|BRICS leaders including Brazil, Russia, India, China and South Africa|
The bloc is set to launch a joint development bank that will change the global money game and rival the western-dominated World Bank and the International Monetary Fund (IMF).
Details on how the bank will work remain scanty but diplomats point out that it could start with US$10 billion seed money from each country.
African countries being factored in for development and financial support is crucial as a shift in the global balance of economic and political power is led by the world's second largest economy, China.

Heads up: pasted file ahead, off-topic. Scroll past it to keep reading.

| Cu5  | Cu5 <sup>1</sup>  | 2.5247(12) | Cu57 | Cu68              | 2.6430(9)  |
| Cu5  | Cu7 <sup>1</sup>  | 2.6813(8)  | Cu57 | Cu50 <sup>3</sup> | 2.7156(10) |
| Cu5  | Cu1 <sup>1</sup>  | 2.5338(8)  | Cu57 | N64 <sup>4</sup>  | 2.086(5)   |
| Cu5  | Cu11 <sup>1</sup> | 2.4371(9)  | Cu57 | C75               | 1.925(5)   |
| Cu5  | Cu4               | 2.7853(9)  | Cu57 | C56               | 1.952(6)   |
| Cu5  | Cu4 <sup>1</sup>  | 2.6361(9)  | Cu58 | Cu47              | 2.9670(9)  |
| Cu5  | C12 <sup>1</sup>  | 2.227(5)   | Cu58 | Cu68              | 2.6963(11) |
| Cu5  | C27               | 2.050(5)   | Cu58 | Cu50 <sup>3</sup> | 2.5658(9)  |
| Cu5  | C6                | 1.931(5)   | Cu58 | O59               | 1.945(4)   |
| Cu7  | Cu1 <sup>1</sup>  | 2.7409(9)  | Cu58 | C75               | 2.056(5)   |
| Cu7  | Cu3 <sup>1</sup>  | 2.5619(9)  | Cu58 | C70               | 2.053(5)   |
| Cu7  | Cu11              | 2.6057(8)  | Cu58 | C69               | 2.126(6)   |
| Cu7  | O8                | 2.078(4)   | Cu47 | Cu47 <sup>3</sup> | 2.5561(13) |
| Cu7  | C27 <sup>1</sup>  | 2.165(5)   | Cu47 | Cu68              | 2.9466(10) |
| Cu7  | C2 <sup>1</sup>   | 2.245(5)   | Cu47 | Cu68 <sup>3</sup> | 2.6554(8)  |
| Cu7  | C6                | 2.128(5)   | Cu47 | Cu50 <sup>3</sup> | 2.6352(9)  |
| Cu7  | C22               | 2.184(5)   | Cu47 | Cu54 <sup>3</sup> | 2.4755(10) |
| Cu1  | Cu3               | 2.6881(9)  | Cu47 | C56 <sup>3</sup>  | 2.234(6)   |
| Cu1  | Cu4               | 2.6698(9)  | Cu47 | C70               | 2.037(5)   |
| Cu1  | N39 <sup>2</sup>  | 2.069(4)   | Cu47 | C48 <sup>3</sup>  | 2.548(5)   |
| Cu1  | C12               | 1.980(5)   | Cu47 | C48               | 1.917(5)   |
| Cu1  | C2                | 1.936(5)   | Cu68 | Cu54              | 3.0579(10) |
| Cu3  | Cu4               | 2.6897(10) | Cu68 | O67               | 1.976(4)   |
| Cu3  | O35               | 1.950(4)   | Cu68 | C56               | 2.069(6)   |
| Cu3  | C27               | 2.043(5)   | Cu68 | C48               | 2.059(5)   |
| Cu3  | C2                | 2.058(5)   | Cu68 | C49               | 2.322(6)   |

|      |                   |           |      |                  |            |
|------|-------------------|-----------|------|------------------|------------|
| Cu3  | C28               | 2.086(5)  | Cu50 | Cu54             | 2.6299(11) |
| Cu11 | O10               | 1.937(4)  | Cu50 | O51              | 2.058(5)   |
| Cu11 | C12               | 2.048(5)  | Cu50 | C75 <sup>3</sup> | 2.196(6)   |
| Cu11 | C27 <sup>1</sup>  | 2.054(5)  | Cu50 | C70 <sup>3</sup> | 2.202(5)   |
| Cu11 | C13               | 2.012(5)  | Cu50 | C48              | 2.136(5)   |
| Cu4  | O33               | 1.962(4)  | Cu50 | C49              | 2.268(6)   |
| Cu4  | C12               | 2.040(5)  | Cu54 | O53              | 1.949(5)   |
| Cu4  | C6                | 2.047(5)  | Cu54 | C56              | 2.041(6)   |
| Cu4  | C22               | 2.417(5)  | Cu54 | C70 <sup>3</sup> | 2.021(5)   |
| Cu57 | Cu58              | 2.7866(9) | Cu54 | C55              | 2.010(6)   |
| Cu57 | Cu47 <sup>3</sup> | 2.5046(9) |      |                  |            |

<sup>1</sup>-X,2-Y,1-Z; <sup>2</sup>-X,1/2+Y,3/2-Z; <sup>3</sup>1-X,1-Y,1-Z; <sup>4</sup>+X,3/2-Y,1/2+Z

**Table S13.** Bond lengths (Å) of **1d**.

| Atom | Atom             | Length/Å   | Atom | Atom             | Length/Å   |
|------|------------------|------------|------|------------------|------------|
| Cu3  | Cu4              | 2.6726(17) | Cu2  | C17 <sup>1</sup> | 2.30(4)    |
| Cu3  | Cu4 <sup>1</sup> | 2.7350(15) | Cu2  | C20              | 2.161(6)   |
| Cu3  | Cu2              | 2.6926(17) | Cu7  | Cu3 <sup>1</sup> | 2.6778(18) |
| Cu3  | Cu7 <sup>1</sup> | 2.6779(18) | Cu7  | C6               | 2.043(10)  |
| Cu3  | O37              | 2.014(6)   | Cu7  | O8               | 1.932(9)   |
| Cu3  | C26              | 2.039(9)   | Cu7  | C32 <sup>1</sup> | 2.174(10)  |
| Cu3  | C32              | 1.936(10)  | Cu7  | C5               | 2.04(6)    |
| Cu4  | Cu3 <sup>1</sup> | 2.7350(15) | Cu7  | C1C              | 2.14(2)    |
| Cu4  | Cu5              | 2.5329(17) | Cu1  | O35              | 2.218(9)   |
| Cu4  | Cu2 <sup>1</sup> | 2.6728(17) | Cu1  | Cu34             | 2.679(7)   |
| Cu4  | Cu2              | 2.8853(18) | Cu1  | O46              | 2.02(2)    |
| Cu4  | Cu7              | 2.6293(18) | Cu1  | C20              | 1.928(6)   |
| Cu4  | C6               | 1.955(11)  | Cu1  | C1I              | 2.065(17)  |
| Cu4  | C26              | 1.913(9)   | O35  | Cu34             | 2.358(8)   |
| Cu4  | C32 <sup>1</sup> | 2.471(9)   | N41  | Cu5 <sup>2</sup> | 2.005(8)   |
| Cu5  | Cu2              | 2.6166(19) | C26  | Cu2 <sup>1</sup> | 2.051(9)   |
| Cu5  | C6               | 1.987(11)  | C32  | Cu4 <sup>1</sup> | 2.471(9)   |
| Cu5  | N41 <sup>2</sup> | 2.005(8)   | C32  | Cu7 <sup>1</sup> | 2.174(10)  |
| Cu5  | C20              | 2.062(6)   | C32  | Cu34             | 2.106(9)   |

China's new president Xi Jinping wrapped up his state visit to Russia and left Moscow for Dar es Salaam on Sunday starting a three-country tour of Africa that will culminate at the summit which expects 5,000 delegates.
As Africa’s largest trading partner and Kenya’s second largest trading partner, Sino-Kenyan relations have continued to grow strong each day with Kenya positioning itself to be a regional economic powerhouse and gateway to East and Central Africa.
Currently Intra-BRICS trade stands at US$300 billion and their is a huge prospect for growth.
What does Africa stand to gain? Saliem Fakir of The South African Civil Society Information Service writes -- BRICS not only opens new markets and helps with some of our development backlogs; it also promises fortunes for those who have benefited from past cosy deals and relations with Anglo-Saxon capital, but are now seeking new pastures as old capital becomes either too stingy or sticky with their money.